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The Ben & Jerry's Project

A prototype thermoacoustic chiller has been designed, constructed and tested that has a greater power density than any other electrically driven thermoacoustic refrigerator to date. The prototype machine, which is 10 inches (25.4 cm) in diameter and about 19 inches (48.3 cm) tall, has a cooling capacity of 119 W at a temperature of -24.6 ºC. The overall coefficient-of-performance (defined as the ratio of the cooling capacity to the electrical power consumption) of the chiller is measured to be 0.81 or 19% of the Carnot COP at the capacity and temperature listed above. For more information about how this machine moves heat and more performance data, see the paper in Acoustic Research Letters Online (ARLO) published by the Acoustical Society of America.

A cut-away solid model of the entire machine is shown on the right and a cross-sectional view is shown on the left. The cold heat exchanger (dark grey) is identical to the hot heat exchanger and is contained within a thermally-insulating Ultem plastic plate (brown). The cold heat exchanger plate is in contact with the “platform” plate (yellow) that contains the regenerator and sensor signal lines. A second thermally-insulating Ultem plastic plate (green) provides the contoured plenum space that directs the oscillating cold helium gas in and out of the thermal buffer spaces (“windows”) through the platform. A solid stainless steel plate (dark grey) is used to seal the platform, cold heat exchanger plate, and plenum plate to the pressure vessel (green) and provide the force necessary to resist the 10 atmospheres of internal helium gas pressure. Enclosing the hot heat exchanger is the vibromechanical multiplier comprised of the compliance volume within the multiplier's cylinder (orange) that is terminated by an ordinary loudspeaker cone (purple). Directly below the speaker cone is the power piston cone (light green) that is attached to the bellows (gray). The moving-magnet linear motor, which moves the power piston cone, is shown as a gray rectangle with yellow straps. It is attached to the bottom plate (black) that forms the lower boundary of the pressure vessel. The cylindrical portion of the pressure vessel is shown in green.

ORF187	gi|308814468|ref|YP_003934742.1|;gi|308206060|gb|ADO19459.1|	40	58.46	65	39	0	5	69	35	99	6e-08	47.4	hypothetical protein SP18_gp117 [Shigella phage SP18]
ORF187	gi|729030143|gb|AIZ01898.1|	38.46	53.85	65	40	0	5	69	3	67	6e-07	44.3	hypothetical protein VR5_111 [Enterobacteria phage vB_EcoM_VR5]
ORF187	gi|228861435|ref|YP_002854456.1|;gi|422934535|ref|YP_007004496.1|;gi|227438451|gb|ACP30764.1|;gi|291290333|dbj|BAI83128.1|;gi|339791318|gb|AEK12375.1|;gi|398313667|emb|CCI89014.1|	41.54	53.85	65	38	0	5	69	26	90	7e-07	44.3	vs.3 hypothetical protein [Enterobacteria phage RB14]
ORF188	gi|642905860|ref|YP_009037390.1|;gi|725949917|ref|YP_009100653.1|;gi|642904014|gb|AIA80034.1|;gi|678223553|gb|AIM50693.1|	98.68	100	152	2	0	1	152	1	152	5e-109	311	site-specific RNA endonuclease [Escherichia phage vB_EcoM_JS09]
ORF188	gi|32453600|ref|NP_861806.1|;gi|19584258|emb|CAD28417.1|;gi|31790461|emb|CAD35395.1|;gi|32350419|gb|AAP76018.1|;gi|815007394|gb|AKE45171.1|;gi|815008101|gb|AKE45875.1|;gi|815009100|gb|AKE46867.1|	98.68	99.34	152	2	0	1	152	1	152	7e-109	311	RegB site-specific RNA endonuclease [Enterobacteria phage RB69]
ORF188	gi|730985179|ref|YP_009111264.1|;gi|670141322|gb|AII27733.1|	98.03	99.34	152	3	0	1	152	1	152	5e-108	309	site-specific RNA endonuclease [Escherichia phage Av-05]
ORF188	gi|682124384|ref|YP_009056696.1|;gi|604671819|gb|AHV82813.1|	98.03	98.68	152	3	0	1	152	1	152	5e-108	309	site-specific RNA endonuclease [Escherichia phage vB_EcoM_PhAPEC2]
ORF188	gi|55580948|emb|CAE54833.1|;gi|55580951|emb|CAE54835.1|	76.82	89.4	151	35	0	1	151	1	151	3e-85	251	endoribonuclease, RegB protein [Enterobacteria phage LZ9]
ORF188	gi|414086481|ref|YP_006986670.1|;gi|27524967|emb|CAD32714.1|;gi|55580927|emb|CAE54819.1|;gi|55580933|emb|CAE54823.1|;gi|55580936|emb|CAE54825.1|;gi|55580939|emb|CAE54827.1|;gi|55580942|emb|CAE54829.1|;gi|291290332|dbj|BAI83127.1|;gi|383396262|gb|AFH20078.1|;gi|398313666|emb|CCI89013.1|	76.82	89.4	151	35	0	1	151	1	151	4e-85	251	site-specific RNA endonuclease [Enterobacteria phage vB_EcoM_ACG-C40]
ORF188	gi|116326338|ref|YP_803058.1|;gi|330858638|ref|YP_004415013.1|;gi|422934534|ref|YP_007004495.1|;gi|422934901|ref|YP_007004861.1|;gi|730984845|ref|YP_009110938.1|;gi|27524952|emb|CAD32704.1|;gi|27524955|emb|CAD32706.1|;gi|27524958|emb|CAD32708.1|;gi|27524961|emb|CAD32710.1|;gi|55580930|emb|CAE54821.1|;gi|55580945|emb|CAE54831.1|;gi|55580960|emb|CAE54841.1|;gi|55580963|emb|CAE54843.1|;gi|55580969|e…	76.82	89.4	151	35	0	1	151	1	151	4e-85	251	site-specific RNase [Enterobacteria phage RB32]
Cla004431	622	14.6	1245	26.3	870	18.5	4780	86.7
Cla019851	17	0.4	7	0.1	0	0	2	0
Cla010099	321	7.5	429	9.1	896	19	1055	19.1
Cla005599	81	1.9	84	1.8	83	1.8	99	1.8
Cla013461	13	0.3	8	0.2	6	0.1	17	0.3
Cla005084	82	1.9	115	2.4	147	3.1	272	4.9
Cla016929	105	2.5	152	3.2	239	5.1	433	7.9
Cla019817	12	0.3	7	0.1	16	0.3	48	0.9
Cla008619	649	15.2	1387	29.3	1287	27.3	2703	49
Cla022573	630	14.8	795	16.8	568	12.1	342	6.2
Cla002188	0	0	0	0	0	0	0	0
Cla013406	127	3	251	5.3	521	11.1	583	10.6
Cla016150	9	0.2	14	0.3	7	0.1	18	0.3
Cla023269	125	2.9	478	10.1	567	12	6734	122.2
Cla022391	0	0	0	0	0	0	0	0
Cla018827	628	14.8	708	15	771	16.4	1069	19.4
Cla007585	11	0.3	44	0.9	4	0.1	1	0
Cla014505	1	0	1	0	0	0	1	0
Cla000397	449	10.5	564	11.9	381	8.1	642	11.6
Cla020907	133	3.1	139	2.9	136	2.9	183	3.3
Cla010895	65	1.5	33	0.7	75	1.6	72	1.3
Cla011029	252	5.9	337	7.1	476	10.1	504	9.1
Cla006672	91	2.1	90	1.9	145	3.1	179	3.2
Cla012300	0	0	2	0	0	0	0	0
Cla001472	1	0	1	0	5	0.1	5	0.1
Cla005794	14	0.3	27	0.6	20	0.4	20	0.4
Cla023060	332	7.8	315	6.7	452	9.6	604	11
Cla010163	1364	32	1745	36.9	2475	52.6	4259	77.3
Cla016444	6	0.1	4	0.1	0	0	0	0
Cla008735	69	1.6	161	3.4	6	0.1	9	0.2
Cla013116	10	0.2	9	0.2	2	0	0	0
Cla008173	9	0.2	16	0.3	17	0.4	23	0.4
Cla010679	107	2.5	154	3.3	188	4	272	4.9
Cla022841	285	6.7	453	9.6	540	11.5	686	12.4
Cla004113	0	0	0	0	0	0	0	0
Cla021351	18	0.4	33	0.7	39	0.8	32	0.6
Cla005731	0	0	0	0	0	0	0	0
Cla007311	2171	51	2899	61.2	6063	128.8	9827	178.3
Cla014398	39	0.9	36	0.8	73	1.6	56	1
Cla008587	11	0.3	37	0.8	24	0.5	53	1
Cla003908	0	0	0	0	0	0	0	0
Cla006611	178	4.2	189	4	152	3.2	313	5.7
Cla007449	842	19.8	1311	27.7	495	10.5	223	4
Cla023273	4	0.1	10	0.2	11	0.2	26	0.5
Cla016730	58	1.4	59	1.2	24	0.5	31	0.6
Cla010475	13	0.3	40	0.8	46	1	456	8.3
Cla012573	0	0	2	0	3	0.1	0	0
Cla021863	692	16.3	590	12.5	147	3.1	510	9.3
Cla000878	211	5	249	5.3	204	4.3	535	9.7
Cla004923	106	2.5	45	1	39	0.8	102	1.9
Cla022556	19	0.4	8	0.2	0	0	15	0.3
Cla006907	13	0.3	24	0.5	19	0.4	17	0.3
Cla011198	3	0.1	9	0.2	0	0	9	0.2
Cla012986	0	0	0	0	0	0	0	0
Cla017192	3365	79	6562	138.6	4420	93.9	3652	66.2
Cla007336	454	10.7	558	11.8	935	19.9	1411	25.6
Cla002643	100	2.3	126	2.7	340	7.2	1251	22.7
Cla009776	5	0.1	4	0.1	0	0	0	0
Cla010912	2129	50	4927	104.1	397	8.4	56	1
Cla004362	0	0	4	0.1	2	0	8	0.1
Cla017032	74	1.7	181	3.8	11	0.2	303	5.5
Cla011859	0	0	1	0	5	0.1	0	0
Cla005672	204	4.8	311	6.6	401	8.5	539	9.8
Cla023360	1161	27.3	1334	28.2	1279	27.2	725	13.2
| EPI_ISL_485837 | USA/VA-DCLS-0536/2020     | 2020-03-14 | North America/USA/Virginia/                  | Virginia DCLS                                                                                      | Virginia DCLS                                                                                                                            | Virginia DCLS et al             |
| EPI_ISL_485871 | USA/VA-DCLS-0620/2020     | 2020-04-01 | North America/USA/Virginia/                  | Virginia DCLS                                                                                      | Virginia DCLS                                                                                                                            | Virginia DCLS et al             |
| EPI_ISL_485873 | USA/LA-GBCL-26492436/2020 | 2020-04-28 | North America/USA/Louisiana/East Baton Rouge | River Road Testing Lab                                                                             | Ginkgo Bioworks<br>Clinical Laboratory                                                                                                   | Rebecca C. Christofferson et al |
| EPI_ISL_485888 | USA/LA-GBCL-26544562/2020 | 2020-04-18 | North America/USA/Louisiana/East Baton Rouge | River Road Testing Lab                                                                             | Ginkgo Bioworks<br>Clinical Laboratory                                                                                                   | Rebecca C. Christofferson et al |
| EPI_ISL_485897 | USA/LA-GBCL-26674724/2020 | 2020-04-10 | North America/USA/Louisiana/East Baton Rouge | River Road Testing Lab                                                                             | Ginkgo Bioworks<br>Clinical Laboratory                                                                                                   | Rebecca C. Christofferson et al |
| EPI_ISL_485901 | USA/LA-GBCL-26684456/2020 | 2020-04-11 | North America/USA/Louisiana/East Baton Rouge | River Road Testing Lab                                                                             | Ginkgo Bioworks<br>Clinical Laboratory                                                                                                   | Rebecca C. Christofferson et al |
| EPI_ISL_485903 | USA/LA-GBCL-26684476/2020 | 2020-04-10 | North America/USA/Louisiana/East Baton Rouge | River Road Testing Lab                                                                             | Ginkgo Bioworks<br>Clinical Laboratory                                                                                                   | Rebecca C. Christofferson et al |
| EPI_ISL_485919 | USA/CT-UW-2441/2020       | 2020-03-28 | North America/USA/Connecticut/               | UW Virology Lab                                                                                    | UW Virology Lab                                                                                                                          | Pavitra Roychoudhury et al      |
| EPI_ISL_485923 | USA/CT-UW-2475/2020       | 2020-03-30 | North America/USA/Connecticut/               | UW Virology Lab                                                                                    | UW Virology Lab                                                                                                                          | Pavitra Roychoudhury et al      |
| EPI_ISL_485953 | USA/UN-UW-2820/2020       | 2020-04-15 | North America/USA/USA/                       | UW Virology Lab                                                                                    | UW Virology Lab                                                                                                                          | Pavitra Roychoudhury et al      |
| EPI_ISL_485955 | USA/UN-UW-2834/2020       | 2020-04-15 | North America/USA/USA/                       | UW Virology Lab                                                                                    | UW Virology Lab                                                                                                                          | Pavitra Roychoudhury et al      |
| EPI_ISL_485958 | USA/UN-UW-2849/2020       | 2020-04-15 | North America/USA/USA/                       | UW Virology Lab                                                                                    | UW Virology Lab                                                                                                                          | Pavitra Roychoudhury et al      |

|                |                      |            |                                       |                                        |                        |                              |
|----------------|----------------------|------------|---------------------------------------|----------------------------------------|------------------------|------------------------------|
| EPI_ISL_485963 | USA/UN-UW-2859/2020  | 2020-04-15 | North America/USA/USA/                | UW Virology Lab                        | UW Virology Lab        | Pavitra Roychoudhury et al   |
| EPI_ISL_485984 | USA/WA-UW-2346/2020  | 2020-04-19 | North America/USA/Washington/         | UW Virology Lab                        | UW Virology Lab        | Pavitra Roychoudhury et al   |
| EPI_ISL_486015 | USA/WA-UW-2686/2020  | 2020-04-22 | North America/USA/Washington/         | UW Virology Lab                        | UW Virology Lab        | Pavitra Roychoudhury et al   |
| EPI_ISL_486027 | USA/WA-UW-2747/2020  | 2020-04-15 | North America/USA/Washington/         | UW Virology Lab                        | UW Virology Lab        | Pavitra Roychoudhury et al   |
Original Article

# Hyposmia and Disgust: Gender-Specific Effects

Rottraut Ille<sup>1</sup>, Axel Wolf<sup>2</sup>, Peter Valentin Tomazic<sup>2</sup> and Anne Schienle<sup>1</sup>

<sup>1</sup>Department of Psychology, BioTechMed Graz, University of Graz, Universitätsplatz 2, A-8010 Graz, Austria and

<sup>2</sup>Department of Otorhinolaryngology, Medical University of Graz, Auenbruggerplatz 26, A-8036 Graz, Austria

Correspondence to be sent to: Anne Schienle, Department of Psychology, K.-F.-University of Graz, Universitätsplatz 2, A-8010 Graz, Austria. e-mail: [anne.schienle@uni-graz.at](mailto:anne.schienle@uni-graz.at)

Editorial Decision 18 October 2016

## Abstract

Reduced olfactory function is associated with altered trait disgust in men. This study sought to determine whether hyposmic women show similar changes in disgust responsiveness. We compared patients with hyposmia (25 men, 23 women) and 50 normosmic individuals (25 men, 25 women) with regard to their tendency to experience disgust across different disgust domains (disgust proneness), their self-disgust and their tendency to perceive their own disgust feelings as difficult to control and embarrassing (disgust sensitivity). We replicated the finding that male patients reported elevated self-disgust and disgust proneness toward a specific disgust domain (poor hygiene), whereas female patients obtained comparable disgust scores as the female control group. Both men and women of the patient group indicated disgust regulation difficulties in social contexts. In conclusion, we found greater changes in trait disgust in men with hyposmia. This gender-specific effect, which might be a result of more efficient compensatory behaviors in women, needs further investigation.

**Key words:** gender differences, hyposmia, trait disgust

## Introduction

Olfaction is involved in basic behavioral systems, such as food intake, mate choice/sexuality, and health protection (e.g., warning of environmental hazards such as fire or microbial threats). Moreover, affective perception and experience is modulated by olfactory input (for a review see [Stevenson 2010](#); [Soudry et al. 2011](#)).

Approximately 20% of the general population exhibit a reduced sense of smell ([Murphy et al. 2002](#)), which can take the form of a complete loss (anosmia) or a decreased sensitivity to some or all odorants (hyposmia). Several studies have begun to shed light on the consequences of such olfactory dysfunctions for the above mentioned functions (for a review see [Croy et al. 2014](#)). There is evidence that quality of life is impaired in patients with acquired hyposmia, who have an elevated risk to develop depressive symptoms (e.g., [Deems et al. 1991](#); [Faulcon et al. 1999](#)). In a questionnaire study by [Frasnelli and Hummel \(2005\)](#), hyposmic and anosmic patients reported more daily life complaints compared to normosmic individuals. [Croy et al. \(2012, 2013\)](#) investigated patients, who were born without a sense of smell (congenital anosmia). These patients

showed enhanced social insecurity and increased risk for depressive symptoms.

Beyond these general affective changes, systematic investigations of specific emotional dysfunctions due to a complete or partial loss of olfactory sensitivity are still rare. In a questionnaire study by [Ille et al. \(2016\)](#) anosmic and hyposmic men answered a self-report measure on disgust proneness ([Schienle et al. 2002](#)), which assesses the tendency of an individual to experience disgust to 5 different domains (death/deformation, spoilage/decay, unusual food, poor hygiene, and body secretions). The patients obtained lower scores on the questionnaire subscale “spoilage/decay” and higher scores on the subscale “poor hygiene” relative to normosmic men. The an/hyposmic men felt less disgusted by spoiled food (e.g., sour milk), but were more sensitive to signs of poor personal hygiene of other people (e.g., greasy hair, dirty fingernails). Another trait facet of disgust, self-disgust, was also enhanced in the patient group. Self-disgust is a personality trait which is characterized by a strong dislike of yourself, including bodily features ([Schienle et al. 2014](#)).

In 1999, Ben and Jerry’s Homemade Ice Cream began a company wide audit of their refrigeration machinery and realized that they could make a difference in the emission of global warming gasses by finding an alternative to the HFC based refrigerants found in virtually all small refrigeration units. In collaboration with Greenpeace, IEER and other organizations that have interest in environmental protection, they were made aware thermoacoustic technology. In late spring of 2002, they began to fund our team at PSU to develop a prototype that could meet the stringent cost, capacity and reliability targets required for in-store ice cream storage cabinets. By February 2003 we had a working prototype and in April of 2004 the prototype was interfaced to a standard ice cream storage cabinet that had the compressor and condenser removed. For more information about this project, check out the Ben and Jerry’s website which has a great 10 minute piece about the B&J/PSU collaboration.

This photographs shows the stainless steel resonator of the thermoacoustic machine (with Matt uselessly “fiddling with it” for the photographer) as it is removing heat from the off-the-shelf (200 liter storage volume) ice cream cabinet in the foreground. You can see cold pints of Ben and Jerry’s ice cream under the clear sliding lids of the cabinet. The only modification made to the cabinet was to remove the compressor and condenser coils. The evaporator tubing now carries a single phase liquid that is circulated through a heat exchanger in the thermoacoustic machine where heat is removed from it.


This photograph shows the whole team gathered in front of the cabinet ready to enjoy some thermoacoustically cooled Ben and Jerry’s ice cream. From right to left, the team is Robert Smith, Steven Garrett and Matt Poese.